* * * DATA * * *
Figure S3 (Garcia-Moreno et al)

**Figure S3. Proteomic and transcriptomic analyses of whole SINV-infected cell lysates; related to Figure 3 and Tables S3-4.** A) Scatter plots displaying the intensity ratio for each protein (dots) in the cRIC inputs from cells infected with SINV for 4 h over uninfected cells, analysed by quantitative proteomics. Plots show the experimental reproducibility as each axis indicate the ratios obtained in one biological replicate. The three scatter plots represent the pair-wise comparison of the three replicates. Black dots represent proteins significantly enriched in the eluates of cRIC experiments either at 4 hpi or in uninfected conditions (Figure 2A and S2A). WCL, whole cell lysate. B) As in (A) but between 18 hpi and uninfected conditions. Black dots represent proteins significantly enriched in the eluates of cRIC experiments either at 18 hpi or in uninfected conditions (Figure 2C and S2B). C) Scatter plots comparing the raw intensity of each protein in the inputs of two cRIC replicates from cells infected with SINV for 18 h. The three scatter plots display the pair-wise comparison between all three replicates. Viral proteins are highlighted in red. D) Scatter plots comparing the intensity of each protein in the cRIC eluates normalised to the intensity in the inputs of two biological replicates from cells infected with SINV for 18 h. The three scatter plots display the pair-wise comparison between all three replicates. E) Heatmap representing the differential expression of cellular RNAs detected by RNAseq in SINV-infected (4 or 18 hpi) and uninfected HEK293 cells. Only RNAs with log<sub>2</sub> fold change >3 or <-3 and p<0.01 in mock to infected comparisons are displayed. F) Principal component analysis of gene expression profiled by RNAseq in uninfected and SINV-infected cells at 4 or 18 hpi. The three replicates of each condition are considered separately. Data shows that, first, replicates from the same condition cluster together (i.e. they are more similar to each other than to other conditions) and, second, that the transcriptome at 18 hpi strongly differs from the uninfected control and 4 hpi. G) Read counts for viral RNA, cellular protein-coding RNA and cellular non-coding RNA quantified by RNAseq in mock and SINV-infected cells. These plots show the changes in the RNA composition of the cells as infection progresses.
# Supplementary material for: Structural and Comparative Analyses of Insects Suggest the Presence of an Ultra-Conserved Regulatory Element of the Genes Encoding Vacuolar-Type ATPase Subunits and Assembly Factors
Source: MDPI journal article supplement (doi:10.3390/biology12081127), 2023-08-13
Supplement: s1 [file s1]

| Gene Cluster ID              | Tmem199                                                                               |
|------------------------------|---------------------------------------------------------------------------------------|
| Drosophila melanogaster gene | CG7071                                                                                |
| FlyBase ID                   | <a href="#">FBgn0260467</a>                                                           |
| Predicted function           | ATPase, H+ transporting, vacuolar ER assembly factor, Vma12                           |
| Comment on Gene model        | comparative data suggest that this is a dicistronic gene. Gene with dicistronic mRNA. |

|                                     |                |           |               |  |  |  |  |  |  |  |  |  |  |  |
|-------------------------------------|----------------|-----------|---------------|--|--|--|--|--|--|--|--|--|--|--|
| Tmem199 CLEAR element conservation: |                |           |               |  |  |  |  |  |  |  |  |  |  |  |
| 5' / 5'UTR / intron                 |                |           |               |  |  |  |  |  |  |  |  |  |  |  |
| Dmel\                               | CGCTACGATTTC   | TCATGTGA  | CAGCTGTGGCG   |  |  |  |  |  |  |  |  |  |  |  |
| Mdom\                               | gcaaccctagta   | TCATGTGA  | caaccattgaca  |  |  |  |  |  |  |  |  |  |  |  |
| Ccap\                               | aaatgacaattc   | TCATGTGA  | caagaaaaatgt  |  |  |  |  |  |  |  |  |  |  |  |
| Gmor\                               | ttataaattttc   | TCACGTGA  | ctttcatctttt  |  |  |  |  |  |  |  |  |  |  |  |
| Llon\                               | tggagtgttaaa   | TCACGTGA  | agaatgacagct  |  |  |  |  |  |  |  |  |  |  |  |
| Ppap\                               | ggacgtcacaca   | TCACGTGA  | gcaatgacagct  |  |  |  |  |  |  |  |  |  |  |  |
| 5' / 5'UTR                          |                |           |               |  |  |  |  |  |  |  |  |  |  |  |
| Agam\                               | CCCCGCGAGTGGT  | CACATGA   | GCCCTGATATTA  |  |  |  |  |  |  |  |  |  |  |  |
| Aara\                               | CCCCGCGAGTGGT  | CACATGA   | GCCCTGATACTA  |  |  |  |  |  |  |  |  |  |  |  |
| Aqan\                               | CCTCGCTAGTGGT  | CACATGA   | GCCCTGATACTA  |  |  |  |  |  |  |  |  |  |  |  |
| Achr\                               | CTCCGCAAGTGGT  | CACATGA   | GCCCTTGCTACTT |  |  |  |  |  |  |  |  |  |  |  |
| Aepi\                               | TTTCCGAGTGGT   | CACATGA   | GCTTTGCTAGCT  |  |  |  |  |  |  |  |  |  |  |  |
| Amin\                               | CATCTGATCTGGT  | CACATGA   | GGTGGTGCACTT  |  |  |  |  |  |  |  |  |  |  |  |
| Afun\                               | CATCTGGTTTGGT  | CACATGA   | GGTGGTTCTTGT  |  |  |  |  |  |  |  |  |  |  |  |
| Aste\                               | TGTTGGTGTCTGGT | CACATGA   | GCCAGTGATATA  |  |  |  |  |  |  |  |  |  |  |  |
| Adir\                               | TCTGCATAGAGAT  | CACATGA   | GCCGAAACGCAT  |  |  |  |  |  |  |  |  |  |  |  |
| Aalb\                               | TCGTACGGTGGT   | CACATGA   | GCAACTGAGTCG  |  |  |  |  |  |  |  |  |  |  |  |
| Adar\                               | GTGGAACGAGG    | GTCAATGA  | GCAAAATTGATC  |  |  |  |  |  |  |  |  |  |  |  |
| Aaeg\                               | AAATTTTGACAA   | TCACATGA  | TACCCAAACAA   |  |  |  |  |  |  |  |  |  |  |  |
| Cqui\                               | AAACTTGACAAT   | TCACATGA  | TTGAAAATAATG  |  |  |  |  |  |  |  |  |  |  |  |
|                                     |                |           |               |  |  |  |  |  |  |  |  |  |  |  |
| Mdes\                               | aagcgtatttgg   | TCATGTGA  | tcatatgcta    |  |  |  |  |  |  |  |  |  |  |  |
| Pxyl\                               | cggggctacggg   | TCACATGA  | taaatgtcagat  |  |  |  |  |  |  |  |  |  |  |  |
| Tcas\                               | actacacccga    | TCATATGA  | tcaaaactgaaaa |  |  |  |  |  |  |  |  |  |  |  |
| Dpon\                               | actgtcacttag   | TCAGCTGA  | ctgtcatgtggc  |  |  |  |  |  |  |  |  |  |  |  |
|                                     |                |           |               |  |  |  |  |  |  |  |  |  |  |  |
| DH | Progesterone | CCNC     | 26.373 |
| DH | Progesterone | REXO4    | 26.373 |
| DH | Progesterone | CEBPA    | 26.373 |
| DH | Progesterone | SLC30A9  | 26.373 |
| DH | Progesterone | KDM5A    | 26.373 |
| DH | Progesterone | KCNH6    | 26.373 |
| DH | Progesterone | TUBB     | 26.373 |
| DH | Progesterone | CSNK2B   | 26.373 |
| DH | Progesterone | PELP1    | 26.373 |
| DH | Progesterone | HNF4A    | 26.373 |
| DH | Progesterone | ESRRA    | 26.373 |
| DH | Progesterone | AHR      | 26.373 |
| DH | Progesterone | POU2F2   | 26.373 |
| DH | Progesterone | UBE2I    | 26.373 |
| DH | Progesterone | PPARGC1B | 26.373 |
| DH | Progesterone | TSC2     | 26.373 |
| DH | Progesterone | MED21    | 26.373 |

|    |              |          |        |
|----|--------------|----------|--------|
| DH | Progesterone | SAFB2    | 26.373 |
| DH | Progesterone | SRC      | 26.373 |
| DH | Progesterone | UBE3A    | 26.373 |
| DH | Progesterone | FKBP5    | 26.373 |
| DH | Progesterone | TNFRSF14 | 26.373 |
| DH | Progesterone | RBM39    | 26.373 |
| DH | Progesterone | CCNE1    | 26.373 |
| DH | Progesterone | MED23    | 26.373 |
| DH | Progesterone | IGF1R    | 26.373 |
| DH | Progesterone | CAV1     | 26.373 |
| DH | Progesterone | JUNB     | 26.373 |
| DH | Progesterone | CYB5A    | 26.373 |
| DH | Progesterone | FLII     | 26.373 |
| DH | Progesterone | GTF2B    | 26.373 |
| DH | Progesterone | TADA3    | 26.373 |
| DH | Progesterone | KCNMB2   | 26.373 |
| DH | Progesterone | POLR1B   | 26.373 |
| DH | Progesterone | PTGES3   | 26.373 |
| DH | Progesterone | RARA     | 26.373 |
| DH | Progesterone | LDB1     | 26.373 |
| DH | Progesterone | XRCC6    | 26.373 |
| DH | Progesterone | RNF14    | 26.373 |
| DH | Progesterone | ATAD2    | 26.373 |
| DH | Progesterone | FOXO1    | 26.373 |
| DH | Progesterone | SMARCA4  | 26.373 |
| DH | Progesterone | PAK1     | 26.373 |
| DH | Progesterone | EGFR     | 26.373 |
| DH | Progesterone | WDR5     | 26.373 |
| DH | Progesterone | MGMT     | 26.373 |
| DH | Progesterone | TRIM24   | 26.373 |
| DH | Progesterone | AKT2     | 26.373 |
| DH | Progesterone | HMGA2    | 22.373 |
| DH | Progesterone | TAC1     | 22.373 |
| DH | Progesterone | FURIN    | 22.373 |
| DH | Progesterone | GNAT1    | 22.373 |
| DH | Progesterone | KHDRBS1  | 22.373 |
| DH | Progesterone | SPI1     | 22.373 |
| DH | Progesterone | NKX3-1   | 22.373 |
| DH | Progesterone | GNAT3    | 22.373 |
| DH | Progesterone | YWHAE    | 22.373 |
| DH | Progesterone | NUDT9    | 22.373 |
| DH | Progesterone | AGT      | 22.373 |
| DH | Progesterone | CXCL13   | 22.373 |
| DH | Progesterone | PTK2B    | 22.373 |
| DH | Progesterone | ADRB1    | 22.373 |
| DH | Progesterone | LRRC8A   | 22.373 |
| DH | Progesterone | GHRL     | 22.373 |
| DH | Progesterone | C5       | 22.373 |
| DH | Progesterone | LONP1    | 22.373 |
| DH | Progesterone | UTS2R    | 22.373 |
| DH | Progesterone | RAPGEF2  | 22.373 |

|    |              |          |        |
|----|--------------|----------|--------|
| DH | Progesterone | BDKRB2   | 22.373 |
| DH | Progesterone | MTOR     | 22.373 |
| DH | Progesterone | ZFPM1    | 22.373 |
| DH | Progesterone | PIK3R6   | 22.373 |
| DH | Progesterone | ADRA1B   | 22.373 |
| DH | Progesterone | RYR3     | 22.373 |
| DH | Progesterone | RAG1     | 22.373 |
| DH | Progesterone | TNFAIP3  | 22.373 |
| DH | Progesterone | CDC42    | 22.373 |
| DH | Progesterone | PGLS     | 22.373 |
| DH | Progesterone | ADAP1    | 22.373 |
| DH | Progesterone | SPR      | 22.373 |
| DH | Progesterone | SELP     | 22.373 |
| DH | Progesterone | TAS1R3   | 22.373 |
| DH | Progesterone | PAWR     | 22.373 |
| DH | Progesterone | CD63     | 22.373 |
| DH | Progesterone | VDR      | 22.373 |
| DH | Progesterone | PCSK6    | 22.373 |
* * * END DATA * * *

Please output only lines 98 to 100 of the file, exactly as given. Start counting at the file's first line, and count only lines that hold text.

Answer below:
| DH | Progesterone | NKX3-1   | 22.373 |
| DH | Progesterone | GNAT3    | 22.373 |
| DH | Progesterone | YWHAE    | 22.373 |